Judge denies El Cajon officer’s attempt to dismiss lawsuit against him in fatal shooting
A San Diego federal judge has ruled that the lawsuit against the El Cajon police officer who fatally shot Alfred Olango, an unarmed black man, last year can move forward.
U.S. District Judge Cynthia Bashant also on Friday dismissed the city from the case, saying there was not enough evidence to argue that policies or specific decisions made by the Police Department contributed to Olango’s death.
Olango’s father, Richard Olango Abuka, argues that Officer Richard Gonsalves used excessive and unreasonable force when he fired on Olango and that he also failed to request medical aid for the dying man, according to the lawsuit.
Olango, a 38-year-old Ugandan refugee, was having a mental breakdown the morning of Sept. 27, his sister said. She called 911 three times to ask for help and report his strange, paranoid behavior, which included wandering in traffic.
Gonsalves found Olango pacing in the parking lot of the Broadway Village shopping center and confronted him. According to the officer, he commanded Olango to take his hands from his pockets, but Olango wouldn’t comply. Surveillance and cellphone video shows Olango suddenly pull an item from a pocket and point it toward the officer in what police have described as a shooting stance, prompting the officer to fire.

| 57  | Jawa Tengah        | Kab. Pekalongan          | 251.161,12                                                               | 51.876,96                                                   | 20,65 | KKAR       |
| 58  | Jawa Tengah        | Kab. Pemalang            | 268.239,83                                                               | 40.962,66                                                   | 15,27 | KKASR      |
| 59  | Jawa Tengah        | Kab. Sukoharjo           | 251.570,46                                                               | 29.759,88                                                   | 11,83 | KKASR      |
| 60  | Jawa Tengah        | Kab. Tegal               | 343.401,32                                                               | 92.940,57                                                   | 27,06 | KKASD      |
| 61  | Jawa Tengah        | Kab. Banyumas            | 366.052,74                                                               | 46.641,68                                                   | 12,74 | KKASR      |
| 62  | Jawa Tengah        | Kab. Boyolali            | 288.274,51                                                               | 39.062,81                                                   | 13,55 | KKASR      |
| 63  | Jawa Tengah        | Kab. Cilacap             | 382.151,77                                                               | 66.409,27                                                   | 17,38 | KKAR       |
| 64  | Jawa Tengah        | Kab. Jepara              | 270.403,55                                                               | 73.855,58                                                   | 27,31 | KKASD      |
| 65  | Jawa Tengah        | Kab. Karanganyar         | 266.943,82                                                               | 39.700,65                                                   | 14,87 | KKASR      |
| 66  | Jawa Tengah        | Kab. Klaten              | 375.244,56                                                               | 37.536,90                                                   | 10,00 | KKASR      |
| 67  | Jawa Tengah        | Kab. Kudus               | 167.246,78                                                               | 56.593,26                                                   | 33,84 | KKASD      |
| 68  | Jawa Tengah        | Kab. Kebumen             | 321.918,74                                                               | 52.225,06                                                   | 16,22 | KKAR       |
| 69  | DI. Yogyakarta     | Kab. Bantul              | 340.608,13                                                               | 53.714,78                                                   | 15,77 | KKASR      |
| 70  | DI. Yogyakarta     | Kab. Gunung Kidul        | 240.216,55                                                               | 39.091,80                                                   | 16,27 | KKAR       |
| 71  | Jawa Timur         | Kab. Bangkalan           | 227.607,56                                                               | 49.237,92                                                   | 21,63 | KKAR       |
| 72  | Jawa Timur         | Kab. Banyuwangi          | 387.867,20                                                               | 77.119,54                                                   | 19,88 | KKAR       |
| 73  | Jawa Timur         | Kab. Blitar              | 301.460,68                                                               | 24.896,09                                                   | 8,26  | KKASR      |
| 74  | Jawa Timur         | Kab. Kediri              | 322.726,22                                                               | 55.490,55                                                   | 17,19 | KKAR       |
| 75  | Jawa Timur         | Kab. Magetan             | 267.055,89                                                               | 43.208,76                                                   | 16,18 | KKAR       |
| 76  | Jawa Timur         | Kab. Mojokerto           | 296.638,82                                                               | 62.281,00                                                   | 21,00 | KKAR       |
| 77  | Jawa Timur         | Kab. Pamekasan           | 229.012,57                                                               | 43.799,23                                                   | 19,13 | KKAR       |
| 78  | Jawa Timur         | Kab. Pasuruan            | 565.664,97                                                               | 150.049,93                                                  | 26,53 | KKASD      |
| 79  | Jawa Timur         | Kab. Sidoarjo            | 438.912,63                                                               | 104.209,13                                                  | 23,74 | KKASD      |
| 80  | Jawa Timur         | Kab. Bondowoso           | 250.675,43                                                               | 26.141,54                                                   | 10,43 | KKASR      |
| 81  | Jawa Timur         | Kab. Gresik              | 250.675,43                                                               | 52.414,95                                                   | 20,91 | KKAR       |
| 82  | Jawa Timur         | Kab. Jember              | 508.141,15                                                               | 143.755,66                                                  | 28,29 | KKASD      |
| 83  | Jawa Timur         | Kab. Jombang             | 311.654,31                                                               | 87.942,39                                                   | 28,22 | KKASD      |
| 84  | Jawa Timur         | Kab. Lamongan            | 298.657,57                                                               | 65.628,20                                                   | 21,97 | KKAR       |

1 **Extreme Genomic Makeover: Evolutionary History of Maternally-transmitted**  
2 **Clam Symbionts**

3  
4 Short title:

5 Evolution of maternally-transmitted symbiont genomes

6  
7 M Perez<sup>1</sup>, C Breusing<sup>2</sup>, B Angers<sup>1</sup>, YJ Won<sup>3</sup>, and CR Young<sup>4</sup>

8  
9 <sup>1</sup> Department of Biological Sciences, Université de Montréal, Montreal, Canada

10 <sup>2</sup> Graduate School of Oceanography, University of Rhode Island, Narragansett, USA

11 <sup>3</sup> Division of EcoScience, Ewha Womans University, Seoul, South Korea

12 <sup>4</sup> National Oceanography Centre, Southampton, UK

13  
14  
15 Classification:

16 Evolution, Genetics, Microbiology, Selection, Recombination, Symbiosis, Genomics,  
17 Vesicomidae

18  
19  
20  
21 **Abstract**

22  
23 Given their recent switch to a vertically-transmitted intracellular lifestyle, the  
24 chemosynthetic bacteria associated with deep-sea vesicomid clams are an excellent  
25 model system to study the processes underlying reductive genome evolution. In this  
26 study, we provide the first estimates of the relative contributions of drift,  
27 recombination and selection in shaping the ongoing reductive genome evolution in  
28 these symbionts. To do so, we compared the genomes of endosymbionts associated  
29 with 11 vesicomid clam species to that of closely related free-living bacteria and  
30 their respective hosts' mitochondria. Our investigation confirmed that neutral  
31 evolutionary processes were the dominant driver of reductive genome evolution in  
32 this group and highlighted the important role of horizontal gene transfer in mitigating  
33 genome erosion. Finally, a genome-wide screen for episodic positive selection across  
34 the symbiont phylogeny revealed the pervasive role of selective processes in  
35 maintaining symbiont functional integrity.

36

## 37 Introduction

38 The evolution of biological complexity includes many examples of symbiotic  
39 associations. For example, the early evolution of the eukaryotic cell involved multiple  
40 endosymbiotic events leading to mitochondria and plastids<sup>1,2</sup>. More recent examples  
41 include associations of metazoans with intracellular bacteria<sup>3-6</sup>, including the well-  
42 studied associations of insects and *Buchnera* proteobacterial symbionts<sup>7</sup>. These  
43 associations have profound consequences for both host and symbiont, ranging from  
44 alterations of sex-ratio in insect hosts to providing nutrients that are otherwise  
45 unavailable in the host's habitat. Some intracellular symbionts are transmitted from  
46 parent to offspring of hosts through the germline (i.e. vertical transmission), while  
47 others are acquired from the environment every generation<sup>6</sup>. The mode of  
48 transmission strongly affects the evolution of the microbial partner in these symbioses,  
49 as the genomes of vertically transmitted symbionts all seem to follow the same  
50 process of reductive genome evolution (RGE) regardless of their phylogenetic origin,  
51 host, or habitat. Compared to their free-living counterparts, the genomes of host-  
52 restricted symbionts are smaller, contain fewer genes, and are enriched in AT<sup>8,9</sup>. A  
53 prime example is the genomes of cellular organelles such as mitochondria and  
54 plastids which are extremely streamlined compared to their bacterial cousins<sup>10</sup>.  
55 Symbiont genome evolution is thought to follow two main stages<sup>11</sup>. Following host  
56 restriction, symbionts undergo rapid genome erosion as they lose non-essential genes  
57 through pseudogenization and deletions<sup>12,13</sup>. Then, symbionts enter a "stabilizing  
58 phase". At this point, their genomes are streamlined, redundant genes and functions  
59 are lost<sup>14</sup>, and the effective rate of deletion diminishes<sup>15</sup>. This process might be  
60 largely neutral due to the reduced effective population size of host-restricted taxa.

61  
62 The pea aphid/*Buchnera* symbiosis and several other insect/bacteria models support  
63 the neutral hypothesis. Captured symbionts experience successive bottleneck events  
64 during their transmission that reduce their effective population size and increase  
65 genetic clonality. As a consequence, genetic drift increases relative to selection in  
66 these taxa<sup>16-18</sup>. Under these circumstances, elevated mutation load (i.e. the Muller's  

The item turned out to be a vaping device.
The district attorney’s office, which reviews all police shootings, determined the officer reasonably feared for his life and was legally justified in the shooting.
The judge ruled that a jury could find that the officer’s conduct “shocked the conscience” because the officer knew going into the call that Olango was having a mental breakdown, that he had not been threatening anyone and hadn’t committed a crime.
The judge also ruled that, when viewing the allegations in the most favorable light to the plaintiffs — as required at this point in the case — it is “sufficient to conclude that — at the time Officer Gonsalves shot and killed Mr. Olango — it was clearly established (law) that someone who is unarmed, is not a threat to anyone, and had not committed any crime has the right not to be shot and killed.”
Davis writes for the San Diego Union-Tribune.
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